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  • Level: GCSE
  • Subject: Maths
  • Word count: 2652

Data Handling Project looking at a database based in Excel where there is data from Key Stage 3 and 4 from Mayfield High School

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Introduction. This Data Handling Project is looking at a database based in Excel where there is data from Key Stage 3 and 4 from Mayfield High School. This data consists of several columns containing both Quantative and Qualitative Information. Examples of this data are: * Year Group * Name; Surname, Forename 1 and Forename 2 * Age in Months and Years * Month of Birthday * Gender * Hair Colour * Eye Colour * Left/Right Handed * Favourite Colour * Average number of Hours TV Watched per week * SATS Results etc... In this project I am going to make up several Hypothesises that I will use the data from the Data Base to help me prove. However I will not use all of the data, and for each Hypothesis I will Random Sample using the computer 30 entries which fit into certain restrictions applying to that Aim. The Random Sampling method that I am going to use is a computer generated one. The method of doing this is as follows: 1. Filter or sort the necessary data, copy and paste into a new sheet. Add 2 extra columns before this data. In Column 1 leave blank, and in Column 2 type the numbers 1 to X. 2. In the top of Column 2 type =RAND()*X, this makes a number between 1 and X. In the top of Column 1 put SUM in. In Column 1 next to that number put the number 1 and press enter, a new number will appear, put a 1 next to that number etc... ...read more.


[See following sheets] The graph of the Frequency of Hours watched showed me that the most popular amount of hours of watching TV is between 11 and 15 hours, shown on the graph as 24%. From looking at my Data in my Table the mean value is 14 with 4 entries. From these 4 entries of 14 Hrs of TV there are 4 different weights. If I average these weights the average weight comes to [62+42+57+63=ans/4]=56 Kg. To answer the question of "does the heaviest person in my sample watch the most TV?" I am going to average all of the weights for each different hrs of TV Watched and plot this in a bar graph. [Bar Graph on the next page] The results from this table and graph show me that there is no real relationship between the heaviest person and the fact that they watch the most television, as predicted in my Hypothesis. This is shown from the fact that the heaviest person watches only 15 Hrs of TV and the person who watches the most TV weighs only 68Kg. Unfortunately from looking at my Graphs I think that there is once again no real correlation between the size of someone and the amount of TV that they watch. However if I look at my Scatter Diagram I can see that, ignoring the anomaly (in a yellow circle), there does seem to be some weak negative correlation. However from looking at the Scatter Diagram even more I can see that this weak positive correlation isn't coming from the fact that the heaviest person watches the most TV but more like the less TV that is watched means that they are of an average weight. ...read more.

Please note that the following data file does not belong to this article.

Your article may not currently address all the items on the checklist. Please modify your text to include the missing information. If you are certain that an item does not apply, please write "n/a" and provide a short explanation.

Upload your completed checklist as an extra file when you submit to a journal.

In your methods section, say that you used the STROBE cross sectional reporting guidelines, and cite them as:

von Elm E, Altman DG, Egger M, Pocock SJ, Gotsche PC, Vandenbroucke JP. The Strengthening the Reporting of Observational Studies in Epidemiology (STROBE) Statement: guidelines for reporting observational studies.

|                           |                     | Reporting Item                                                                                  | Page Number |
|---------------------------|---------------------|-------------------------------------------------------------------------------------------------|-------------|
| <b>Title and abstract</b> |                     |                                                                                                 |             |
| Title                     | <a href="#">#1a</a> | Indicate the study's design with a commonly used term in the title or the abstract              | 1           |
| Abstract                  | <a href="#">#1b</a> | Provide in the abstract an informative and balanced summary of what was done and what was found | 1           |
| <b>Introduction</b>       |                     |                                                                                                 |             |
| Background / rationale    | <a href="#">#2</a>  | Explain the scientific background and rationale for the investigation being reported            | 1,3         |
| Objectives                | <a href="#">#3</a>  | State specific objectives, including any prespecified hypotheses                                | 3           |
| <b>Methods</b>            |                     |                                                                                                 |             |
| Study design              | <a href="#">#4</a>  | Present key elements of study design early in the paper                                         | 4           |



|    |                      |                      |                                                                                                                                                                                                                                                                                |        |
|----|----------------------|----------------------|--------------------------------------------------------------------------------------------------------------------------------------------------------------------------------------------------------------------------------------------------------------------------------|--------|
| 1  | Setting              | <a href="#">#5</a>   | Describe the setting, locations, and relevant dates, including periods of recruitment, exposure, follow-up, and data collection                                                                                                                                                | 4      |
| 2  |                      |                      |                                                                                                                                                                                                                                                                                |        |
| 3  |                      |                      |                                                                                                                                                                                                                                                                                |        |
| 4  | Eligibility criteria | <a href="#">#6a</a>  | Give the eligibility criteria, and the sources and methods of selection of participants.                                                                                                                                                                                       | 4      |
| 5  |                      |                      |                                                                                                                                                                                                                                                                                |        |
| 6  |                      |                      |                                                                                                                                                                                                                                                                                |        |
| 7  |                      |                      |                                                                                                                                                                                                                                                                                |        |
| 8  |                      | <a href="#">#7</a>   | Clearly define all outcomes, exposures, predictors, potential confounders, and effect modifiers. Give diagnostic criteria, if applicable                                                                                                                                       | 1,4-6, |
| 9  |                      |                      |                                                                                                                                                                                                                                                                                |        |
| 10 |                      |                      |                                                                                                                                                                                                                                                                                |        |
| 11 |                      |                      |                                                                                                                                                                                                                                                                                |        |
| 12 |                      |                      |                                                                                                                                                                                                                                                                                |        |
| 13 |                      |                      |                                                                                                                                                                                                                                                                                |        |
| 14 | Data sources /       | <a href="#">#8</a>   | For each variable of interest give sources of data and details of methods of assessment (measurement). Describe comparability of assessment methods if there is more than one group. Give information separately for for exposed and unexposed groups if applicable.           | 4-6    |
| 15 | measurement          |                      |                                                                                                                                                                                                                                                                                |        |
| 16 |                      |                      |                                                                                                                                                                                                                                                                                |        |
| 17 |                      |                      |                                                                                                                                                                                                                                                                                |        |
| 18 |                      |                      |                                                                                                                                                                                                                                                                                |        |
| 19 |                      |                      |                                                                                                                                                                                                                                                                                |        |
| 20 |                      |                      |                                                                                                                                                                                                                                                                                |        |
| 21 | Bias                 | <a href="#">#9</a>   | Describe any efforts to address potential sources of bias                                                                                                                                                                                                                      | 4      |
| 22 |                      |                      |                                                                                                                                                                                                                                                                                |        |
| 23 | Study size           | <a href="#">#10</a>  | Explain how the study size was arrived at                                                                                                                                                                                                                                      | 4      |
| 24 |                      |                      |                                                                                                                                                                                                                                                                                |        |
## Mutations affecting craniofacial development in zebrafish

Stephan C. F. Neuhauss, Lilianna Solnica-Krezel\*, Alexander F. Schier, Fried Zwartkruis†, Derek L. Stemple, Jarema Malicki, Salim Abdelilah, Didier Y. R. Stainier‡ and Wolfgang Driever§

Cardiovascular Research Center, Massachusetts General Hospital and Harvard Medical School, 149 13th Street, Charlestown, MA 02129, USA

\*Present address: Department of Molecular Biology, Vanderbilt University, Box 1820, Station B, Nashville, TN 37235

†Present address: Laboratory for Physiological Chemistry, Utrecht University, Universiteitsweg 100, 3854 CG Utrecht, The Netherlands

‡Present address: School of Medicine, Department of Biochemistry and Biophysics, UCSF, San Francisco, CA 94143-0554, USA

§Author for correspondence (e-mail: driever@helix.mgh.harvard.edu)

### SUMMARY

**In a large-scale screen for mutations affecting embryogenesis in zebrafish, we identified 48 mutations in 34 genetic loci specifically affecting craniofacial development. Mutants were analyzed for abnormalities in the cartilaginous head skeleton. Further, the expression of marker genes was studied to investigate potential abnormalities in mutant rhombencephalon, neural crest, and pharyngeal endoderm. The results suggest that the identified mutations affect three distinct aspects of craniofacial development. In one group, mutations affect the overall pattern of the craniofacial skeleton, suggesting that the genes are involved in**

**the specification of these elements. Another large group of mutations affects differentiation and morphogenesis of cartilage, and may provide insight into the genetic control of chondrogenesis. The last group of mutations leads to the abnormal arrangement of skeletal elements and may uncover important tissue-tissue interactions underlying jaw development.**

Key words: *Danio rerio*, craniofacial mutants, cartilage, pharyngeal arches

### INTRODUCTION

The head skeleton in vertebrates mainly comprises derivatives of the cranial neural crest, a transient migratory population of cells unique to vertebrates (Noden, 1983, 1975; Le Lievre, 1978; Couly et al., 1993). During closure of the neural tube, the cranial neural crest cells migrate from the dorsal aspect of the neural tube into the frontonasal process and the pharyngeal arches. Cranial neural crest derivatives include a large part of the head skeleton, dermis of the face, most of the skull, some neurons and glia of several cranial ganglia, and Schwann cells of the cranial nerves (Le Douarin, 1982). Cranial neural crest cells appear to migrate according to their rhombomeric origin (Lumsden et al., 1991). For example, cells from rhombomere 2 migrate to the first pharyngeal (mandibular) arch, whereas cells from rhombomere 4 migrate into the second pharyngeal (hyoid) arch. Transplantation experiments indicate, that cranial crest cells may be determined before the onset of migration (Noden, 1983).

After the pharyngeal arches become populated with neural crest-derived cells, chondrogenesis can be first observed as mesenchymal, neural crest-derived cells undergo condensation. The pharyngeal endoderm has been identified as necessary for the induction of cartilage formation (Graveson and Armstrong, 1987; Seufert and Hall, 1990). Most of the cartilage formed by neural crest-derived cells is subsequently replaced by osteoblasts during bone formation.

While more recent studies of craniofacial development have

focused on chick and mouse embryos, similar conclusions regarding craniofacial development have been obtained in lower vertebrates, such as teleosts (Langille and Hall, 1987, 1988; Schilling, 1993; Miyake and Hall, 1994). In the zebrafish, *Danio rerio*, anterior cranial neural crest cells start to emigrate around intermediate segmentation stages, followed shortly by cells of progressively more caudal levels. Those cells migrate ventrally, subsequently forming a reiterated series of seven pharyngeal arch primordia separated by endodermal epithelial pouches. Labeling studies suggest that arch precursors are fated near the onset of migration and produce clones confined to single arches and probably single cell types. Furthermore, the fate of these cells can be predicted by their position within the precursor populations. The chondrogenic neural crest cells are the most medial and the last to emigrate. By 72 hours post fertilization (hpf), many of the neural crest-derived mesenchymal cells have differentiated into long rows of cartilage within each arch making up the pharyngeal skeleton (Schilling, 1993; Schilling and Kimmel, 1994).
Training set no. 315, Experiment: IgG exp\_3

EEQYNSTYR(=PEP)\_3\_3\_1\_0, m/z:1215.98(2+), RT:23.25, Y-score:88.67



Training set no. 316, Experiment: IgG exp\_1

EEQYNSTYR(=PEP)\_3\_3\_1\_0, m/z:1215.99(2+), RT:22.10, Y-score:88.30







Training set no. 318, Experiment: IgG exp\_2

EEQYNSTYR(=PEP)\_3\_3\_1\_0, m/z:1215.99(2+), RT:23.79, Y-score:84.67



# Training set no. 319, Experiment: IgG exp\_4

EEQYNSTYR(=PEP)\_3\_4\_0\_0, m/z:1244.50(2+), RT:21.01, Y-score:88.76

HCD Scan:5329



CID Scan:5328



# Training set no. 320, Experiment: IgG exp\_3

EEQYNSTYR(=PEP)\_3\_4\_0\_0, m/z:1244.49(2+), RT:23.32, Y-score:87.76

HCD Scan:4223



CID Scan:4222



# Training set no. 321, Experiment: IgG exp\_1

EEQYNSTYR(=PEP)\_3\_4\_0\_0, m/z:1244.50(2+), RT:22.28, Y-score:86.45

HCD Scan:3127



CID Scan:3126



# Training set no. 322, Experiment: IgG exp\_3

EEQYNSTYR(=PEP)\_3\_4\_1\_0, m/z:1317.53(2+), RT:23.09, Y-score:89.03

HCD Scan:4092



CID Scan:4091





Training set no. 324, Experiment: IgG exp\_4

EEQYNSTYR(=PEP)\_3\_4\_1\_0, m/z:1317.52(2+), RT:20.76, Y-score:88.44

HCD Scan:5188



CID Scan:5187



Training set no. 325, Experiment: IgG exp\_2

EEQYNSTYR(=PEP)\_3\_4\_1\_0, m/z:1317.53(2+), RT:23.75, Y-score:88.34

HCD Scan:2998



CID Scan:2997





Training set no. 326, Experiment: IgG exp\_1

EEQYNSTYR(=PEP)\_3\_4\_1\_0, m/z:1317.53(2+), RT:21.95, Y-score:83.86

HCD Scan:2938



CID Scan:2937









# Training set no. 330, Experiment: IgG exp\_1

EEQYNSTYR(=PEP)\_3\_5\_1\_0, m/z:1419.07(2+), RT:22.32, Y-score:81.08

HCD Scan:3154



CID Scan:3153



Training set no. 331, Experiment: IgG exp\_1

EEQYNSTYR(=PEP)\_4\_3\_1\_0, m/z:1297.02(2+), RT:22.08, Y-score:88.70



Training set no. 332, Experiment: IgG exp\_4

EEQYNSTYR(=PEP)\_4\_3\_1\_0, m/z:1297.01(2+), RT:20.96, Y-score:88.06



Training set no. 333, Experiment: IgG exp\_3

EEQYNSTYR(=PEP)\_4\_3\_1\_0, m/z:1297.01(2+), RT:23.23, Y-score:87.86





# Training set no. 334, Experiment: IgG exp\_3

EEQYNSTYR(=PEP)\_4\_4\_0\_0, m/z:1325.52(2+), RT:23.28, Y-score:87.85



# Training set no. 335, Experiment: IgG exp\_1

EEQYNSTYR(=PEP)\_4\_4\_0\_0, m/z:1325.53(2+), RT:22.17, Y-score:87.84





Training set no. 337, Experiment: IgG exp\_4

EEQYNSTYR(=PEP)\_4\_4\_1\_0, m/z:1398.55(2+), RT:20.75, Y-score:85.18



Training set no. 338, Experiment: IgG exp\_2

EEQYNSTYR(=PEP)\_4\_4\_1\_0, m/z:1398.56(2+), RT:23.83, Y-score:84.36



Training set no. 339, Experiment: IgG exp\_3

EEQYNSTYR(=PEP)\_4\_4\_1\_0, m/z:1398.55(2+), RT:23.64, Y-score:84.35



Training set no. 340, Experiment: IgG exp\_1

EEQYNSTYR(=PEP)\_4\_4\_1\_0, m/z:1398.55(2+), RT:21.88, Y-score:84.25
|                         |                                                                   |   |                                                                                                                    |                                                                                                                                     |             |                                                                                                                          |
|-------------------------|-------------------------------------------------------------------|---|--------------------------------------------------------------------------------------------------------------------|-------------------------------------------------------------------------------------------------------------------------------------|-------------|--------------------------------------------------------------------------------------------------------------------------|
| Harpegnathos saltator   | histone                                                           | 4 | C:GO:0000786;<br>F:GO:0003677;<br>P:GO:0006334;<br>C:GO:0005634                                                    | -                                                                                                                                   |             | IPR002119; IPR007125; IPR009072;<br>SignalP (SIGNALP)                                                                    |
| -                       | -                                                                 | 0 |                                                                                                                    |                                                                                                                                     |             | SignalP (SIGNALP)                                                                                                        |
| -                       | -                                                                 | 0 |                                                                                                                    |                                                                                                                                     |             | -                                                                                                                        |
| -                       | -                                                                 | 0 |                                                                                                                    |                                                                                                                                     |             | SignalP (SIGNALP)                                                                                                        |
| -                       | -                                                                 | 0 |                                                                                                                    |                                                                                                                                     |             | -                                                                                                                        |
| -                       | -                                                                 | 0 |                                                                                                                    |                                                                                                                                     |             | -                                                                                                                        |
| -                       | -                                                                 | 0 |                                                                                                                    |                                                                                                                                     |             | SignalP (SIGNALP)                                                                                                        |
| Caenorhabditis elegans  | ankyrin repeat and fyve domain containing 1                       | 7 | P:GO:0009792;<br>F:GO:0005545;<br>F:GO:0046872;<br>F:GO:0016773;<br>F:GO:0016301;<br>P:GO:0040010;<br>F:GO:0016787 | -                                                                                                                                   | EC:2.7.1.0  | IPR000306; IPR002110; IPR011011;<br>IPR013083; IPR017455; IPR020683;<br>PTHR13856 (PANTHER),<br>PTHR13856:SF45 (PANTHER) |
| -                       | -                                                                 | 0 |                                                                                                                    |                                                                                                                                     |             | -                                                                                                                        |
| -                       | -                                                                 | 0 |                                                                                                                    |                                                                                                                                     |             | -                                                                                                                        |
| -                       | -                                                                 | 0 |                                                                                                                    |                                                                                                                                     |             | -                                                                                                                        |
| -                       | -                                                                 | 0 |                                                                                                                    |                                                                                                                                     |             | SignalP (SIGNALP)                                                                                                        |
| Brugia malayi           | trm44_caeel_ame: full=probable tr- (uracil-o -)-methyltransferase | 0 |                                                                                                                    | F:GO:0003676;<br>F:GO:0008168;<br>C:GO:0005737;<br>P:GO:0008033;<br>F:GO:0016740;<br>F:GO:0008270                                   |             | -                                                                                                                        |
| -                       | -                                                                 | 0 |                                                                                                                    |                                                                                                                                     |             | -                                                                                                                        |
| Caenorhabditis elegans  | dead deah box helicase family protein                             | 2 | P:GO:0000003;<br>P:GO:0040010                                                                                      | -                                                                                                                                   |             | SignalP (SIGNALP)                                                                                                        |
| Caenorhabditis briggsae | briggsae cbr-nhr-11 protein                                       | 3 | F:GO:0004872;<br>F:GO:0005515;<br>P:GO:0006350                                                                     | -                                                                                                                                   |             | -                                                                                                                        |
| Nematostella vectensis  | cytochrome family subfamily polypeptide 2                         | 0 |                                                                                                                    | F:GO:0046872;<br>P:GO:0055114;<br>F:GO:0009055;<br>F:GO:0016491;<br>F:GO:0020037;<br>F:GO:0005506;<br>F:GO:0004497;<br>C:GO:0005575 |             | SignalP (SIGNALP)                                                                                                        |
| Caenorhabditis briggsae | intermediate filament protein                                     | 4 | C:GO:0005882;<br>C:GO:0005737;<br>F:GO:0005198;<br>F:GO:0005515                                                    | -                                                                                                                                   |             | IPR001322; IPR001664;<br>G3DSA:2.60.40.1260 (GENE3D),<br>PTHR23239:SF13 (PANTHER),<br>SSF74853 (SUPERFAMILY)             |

data. Throughout carrying out these hypothesises I have come across a few anomalies - These I have identified in each section, and explained by reasons behind them. Mainly the reasons were that the data was totally im - practable and must have been mistakes in the entering of the data. If I were to repeat each of these hypothesises again I think that I would do a few things differently. These would be: * Use more amounts of data for each hypothesis. This would provide a larger sample and should mean that I will be able to produce a more strong result. E.g. this could change the difference between a positive and a fairly strong positive correlation in a Scatter Diagram of 2 pieces of Quantative data. * Work out the Mean, Mode, Medians for all sets of data within a hypothesis. This will provide more evidence on which to base my conclusion to my hypothesis. Also using a larger sample it may produce more evidential reasons in a simpler form. * Select equal amounts of boys and girls to form my Sample. E.g. 20 or 15 of each. As I experienced choosing unequal amounts of both Boys and Girls can cause a change in the result. * Use a wider range of Interpreting my Data. E.g., using more graphs and diagrams. Although they may just repeat the same information some graphs may show the same results in different and some clearer ways. Also I think that it would also be better to show and perform more calculations within my data. E.g. Converting my data in Percentages. (%) Rachel Butterfield. 10B. Mayfield High Data Handling Coursework. Page 1 of 8 ...read more.

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